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Bo Deangelo of Precision Plumbing, Heating and Cooling in Boulder checks the refrigerant charge on a client's air conditioner.

Where the jobs are

Medical and trade workers remain in demand

By Deborah J. Myers, For the Camera
July 8, 2002

Gregory Tibbets became a service technician after completing a four-year degree in anthropology because he needed to make a living.

"There was no money anywhere unless I went for a master's," said Tibbets, who works for Precision Plumbing, Heating and Cooling in Boulder. "I went to a technical center and took a six-month HVAC class in six hours a day."

Now Tibbets earns a base of $15 per hour with additional commission based on the number of hours he works.

"I'm working 10- to 12-hour days now," he said.

Although displaced white-collar professionals — like the bishops in Gilbert and Sullivan's "The Gondoliers" — are "plentiful as tabby cats," medical and skilled trade companies still seek workers.

"There are so many companies trying to recruit people for medical positions," said Judy Podgurski, area sales manager for Manpower and member of a work force board for local counties.

The demand for healthcare continues to soar because of the aging population, said Theresa Szczurek, president of Technology and Management Solutions. "There is an increasing need for healthcare and medical services."

Skilled trades, such as carpentry, electrical and other building-related technical positions, also seek employees.

"We're seeing a surge for these types of positions as well along the Front Range, especially as you see construction continuing to pick up," Podgurski said.

The reasons behind the blue-collar employee dearth are twofold.

"Within some trades, 50 percent of the skilled people are nearing retirement," Podgurski said.

The other issue is the small number of new trade employees.

"The overall profile of a Boulder County (family) is that the parents have advanced degrees and encourage their children to follow the same route (instead of) getting into a skilled trade," Podgurski said.

A possible solution is for white collar professionals to shift career gears.

"The theory about having more than one profession in your lifetime is quite true," said Clive Jones, a manager at Economic Data Resources LLC in Boulder. "Even if dot-coms come back, I expect the industry to be cyclical and volatile because of the nature of technology."

But that kind of career change requires new skills.

"You'll need some training, but you don't have to get a Ph.D.," Jones said. "But you have to be more on the ball as far as adapting to these transitions."

Szczurek suggests a lateral career shift that would keep the employee's newfound skills close to their previous job's needs.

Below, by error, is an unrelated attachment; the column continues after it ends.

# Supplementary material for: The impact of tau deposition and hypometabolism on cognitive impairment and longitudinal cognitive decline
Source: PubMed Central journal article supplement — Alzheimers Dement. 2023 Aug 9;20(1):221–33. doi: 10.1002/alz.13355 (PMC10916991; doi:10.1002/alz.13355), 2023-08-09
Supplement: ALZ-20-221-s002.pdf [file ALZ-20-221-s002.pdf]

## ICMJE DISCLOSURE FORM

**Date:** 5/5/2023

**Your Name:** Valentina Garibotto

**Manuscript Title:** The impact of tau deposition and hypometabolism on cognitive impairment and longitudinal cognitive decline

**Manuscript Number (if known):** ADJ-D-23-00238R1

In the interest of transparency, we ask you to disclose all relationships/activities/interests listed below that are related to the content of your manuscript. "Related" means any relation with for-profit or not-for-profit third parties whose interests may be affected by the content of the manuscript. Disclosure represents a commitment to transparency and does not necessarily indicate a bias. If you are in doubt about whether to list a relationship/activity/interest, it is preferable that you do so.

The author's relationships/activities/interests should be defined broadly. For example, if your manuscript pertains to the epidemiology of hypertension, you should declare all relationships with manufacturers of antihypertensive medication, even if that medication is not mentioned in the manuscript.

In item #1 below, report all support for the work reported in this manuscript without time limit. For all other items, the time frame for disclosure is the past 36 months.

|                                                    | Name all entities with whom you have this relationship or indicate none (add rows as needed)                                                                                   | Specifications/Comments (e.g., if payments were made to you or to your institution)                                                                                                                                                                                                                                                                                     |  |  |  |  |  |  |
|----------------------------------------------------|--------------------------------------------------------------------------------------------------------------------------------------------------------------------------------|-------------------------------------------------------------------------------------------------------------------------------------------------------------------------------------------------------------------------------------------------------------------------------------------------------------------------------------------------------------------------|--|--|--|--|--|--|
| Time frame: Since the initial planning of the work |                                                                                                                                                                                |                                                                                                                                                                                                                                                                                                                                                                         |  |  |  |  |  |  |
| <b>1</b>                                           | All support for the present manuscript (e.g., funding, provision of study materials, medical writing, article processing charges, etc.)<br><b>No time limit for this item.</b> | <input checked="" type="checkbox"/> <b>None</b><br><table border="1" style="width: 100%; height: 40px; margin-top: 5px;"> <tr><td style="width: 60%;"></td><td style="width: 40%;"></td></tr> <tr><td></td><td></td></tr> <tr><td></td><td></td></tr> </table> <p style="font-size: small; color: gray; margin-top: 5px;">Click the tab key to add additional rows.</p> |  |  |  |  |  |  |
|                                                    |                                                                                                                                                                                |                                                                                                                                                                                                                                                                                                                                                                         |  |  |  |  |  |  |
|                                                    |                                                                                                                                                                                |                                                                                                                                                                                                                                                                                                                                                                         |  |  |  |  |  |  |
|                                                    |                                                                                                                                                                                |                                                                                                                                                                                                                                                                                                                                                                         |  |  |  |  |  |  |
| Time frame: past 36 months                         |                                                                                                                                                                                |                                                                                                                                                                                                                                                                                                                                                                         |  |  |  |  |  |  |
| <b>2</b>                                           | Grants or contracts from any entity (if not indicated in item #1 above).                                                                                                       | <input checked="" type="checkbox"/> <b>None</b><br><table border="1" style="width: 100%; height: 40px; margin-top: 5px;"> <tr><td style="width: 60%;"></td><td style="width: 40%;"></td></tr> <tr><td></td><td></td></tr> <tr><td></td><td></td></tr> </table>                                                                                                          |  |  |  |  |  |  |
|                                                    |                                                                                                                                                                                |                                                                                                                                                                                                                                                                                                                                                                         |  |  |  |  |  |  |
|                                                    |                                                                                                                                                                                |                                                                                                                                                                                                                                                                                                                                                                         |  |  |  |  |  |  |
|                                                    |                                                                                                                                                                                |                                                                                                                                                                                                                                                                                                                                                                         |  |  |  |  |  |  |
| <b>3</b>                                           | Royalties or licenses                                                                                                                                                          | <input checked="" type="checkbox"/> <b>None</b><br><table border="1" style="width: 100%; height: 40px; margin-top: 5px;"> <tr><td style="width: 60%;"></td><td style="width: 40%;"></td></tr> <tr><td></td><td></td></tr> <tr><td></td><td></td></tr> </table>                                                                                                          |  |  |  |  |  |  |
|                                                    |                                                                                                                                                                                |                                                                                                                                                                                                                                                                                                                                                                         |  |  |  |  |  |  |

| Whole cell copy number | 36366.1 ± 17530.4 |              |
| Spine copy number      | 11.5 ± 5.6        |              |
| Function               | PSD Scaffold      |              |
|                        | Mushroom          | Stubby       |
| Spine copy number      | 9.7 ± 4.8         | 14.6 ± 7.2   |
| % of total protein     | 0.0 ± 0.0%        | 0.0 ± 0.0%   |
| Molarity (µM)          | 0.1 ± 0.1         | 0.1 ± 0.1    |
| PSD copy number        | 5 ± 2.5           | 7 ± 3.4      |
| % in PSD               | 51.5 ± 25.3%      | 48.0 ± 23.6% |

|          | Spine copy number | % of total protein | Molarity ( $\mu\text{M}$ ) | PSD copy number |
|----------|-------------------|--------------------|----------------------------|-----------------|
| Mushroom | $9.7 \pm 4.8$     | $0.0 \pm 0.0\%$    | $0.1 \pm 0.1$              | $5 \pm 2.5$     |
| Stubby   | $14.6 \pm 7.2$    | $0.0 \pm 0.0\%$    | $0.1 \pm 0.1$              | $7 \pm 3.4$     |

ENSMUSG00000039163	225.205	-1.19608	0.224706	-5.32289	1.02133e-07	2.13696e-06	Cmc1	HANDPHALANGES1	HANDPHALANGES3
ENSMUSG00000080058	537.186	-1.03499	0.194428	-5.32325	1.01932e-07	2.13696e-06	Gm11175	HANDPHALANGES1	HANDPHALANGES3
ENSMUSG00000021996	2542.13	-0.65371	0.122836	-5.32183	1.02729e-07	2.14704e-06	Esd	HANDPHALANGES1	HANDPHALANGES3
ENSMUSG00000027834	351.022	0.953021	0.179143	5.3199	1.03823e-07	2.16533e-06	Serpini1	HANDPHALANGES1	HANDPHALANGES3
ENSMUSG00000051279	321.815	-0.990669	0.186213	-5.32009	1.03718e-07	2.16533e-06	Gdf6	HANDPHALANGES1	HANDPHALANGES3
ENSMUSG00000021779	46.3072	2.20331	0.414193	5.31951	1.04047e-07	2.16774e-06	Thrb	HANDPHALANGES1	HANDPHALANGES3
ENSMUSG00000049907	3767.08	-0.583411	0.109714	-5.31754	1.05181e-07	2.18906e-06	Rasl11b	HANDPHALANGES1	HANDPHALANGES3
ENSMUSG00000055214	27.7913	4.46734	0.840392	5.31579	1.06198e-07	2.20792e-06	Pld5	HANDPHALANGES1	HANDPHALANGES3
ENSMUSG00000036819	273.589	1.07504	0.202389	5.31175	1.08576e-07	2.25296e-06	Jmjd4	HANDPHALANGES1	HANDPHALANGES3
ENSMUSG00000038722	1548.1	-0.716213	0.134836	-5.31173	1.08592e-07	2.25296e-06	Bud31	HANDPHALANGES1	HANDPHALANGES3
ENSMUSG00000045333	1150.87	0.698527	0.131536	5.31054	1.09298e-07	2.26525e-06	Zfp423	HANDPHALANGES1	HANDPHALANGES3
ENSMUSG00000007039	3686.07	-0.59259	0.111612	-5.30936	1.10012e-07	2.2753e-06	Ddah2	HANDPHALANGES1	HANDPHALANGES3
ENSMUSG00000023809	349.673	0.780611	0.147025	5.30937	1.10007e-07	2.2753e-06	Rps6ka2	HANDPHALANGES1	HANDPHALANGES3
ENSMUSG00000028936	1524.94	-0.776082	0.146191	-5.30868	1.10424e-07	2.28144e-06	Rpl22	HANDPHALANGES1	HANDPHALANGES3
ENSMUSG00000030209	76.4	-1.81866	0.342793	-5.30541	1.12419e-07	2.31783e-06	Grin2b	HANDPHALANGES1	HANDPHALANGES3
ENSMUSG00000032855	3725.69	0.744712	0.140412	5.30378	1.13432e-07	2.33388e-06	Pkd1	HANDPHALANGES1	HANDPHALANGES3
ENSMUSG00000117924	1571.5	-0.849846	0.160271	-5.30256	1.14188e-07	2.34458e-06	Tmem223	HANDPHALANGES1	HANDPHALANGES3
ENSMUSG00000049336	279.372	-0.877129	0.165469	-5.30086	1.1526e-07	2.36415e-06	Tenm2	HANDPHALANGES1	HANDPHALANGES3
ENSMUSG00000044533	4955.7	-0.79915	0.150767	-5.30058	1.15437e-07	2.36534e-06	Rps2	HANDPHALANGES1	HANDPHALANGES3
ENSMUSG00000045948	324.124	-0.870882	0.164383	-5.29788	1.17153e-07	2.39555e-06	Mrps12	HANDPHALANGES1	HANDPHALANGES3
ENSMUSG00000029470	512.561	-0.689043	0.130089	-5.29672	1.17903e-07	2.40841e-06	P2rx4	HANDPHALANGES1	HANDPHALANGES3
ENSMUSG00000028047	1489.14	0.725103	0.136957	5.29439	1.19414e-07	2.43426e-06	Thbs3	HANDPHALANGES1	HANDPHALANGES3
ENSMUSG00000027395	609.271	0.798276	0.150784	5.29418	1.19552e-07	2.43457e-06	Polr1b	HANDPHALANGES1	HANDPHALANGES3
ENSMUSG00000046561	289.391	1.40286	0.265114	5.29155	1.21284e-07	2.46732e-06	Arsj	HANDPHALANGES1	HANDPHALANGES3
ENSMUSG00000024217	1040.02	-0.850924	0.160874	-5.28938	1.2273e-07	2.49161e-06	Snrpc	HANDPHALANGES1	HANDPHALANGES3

"Engineers could easily move into plumber and electrician careers," she said. Some of them have carpentry as a hobby.

"Some white-collar careers require a massive base of knowledge in science, which is also what you need in healthcare," she said.

Szczurek is interviewing hundreds of people in all areas of employment for "Pursuit of Passionate Purpose: Principles for a Meaningful Life," a book she plans to self-publish.

Szczurek believes that white-collar professionals in Boulder County resist this type of career move because "it's a blue-collar versus a white-collar thing," she said. "People are seeking meaning in their work. Perhaps these skilled trade positions are not providing the meaningful work white-collar people want."

But people who have first trained for skilled trade and medical positions are generally happy with their employment, Szczurek said.

"The handyman gets flexibility in his life to pursue his passion," she said. "He also gets to problem-solve and create."

Other perks can include "the freedom the industry provides, such as working outdoors and at different sites," Podgurski said. "Skilled trades aren't just capitalizing on brute strength."

With cooler autumn temperatures, the amount of work in the plumbing and heating business diminishes until winter, when furnaces need repair, Tibbets said. Although the flexible schedule can add variety to the job, it can also be inconvenient.

"Being on-call isn't one of my favorite aspects of this work," Tibbets said.

Positions in the medical field also require such sacrifices.

"These require a lot of giving," Szczurek said, "and can be very draining. There's an imbalance in the medical industry with the power and money and who's doing the work."

But medical careers have advantages, too.

"People in medical positions I've interviewed have found meaning in their work in their ability to connect to people," Szczurek said.

Changes in salary between white-collar and medical or skilled trades are not an issue.

"Skilled trades are long-term career opportunities," Podgurski said. "The wages can be quite good. For people who want a lot of investment by employers into their careers, schooling is often paid for, and they can have work opportunities immediately with a few years' commitment."

For medical and skilled trade companies seeking employees, the key is to target youth.

"The (career) decision is made early in the schools system, by age 14 or 15 or earlier," Jones said. "The larger service companies should develop outreach to high schools. That is one of the things we are learning."


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